Putting form and process at the center, the academic Terri Francis and artist Madeleine Hunt-Ehrlich discuss Martinican writer Suzanne Césaire’s creative possibilities and intellectual production during the early 1940s. Francis interviews Hunt-Ehrlich about her research, her vision for the construction and experience of Too Bright to See (Part I) at PAMM, and her overall creative approach—especially her collaboration with French actress Zita Hanrot. The conversation was transatlantic, taking place over Zoom, between Paris and New York, highlighting the international links between Martinique, the United States, and France that shape this installation and the intellectual landscape from which it arises.
This interview is part of an ongoing conversation between Claire Tancons and Ronald Cyrille, which began at the Tout-Monde Festival in Miami in March 2018. It was followed-up by a virtual visit on December 9, 2020, to his studio at the Mémorial ACTe (MACTe) in Guadeloupe during his residency there (November 2020 – March 2021) in partnership with the Pérez Art Museum Miami’s Caribbean Cultural Institute. The conversation will continue as Ronald is preparing for his upcoming exhibition Génésis: Mythologies individuelles.
Fascinated by the history of his native country, Viktor El-Saieh draws from the folklore, myths, traditions, and political leaders that shape Haitian culture. In this conversation, he speaks about his artistic beginnings, the development of his career, his relationship with Caribbean art, his interest in interrogating Haiti’s role in the Americas, and in defining his own as an artist.
Juan Carlos Alom is one of Cuba’s most notable experimental photographers and filmmakers. He explores the idiosyncrasies and contradictions of everyday life, highlighting often-overlooked aspects of Cuban culture through compelling imagery and non-linear, spontaneous visual narratives. Inspired by the aesthetics and tradition of the 1960s documentary cinema in Cuba, Alom’s oeuvre addresses Afro-Cuban traditions, spirituality and nature, and Caribbean diasporic experience from a poetic and metaphorical perspective.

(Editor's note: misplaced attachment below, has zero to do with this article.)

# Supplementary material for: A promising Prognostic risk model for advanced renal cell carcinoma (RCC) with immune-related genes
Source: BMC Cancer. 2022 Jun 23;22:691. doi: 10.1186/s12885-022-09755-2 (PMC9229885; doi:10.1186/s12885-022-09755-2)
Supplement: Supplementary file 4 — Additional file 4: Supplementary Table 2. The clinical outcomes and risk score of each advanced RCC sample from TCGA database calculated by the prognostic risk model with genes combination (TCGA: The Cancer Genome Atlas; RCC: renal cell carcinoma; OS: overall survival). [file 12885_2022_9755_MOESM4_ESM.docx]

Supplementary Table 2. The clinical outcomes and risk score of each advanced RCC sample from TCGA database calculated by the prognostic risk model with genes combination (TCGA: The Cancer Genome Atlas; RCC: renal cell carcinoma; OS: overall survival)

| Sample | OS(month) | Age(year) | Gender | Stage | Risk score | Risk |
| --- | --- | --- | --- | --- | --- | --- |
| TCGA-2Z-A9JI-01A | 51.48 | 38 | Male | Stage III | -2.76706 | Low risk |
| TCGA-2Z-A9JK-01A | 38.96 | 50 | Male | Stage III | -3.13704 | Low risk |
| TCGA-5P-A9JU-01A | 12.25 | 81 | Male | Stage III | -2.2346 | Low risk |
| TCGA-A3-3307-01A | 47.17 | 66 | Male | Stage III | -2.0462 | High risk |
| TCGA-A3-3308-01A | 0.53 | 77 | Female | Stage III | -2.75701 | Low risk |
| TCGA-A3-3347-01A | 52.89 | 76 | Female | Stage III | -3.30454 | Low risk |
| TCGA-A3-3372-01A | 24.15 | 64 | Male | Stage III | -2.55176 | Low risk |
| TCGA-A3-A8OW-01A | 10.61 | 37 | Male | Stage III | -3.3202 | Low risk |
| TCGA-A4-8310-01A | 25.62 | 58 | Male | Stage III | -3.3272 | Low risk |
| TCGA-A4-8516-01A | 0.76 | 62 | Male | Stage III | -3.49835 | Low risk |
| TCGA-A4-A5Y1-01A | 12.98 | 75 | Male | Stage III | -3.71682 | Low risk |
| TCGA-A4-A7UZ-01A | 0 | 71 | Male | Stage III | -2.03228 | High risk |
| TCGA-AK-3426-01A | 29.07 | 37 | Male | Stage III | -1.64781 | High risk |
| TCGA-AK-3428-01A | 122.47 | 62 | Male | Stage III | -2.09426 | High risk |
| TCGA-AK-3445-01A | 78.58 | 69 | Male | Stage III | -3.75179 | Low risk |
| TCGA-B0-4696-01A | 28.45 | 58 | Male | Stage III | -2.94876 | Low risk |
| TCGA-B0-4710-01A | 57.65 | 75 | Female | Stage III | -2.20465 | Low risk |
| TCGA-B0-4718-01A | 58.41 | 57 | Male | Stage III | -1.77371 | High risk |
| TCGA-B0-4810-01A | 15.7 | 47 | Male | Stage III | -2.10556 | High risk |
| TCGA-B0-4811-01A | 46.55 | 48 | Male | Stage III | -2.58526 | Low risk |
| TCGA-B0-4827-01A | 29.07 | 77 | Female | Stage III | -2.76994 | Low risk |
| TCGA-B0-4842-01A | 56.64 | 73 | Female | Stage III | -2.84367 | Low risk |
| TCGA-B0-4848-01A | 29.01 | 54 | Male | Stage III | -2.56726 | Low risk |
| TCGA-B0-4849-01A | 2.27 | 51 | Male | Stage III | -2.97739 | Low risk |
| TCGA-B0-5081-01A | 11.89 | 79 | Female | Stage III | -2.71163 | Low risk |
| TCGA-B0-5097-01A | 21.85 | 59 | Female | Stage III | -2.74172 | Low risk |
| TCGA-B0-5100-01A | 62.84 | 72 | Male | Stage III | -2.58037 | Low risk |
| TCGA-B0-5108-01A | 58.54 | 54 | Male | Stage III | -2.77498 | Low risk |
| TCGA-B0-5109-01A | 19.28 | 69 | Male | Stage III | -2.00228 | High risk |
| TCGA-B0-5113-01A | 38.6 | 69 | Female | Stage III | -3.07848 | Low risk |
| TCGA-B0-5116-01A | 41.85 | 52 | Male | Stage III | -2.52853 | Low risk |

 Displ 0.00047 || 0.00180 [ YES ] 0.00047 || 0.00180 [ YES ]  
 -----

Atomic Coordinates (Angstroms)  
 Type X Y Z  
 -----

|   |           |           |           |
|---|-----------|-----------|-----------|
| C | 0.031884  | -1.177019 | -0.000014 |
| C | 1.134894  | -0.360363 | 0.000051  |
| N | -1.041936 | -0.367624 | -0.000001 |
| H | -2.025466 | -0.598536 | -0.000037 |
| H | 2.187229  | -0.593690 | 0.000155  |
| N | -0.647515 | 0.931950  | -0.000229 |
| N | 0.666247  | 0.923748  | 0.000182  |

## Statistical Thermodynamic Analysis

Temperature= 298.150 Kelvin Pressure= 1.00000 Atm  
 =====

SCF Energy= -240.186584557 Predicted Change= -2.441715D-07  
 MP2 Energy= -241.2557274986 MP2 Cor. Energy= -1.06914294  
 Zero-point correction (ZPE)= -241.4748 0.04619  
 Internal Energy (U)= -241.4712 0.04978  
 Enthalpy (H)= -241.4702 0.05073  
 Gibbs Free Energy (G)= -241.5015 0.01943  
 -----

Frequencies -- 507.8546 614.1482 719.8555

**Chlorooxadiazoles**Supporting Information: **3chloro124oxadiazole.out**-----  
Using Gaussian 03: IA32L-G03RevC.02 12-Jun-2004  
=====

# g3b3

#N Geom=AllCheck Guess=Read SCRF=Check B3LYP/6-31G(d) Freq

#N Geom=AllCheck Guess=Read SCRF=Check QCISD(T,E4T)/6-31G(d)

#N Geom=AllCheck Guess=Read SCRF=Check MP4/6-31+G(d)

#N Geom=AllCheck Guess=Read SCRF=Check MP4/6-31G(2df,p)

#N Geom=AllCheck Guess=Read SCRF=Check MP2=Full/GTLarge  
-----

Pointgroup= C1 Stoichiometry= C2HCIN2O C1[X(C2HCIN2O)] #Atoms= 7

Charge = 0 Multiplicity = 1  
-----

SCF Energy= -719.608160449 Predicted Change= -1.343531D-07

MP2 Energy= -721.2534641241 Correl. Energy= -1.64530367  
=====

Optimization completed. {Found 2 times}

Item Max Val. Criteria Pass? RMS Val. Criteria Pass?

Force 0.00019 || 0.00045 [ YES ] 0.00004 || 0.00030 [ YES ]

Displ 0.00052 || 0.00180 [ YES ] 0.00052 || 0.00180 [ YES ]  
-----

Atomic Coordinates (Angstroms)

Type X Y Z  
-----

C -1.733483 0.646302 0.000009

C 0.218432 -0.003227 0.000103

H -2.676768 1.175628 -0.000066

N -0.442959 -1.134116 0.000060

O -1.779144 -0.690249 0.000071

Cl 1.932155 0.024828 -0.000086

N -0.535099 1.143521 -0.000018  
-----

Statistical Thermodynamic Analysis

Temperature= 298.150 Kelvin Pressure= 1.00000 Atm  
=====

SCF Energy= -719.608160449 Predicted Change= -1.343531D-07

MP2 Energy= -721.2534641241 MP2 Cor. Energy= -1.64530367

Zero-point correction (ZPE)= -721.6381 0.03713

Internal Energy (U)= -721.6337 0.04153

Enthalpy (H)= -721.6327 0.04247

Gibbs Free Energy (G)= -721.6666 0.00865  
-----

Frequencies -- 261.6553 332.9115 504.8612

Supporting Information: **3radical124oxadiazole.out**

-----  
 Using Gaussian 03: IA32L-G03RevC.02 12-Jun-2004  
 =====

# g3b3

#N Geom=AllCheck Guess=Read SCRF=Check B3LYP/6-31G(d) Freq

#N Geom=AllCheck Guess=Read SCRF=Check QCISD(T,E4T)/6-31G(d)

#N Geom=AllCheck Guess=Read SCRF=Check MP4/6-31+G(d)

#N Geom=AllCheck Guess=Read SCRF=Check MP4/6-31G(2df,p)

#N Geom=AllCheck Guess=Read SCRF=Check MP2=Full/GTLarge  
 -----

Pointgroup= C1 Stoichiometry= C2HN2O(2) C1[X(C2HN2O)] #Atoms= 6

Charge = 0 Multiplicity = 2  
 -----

An artist from the Bahamas, April Bey creates impactful and colorful works that address race, identity, feminism and popular culture through a multidisciplinary approach. Inspired by Afrosurrealism and Afrofuturism, Bey’s artistic practice explores the complexities of American and Bahamian cultures through a decolonizing perspective. She uses references from pop culture deliberately, leveraging them to illustrate her own personal mythologies.
Barbadian visual artist Ewan Atkinson discusses his creative process and the invisible microorganisms that inhabit the evolving fictional world, The Neighbourhood. This conversation developed in the context of a Caribbean Cultural Institute research trip to Barbados in March 2020, at the onset of the pandemic quarantine phase.
Puerto Rico-based dancer and performance artist nibia pastrana santiago develops site-specific “choreographic events” to experiment with time, fiction, and notions of territory. In this conversation, nibia speaks about idleness, exhaustion, corporal vandalism, and the tensions between bodies and space in times of global pandemic.
Phillip Thomas is an artist living in Jamaica. His striking paintings depict Black imagery that reflect the discourses on social justice that affects Black communities in the Caribbean and across the world. Drawing from the complex history of race in Jamaica, and referencing classical motifs in Western painting, Thomas creates surreal or dreamlike images in which Black bodies are depicted with honor and beauty.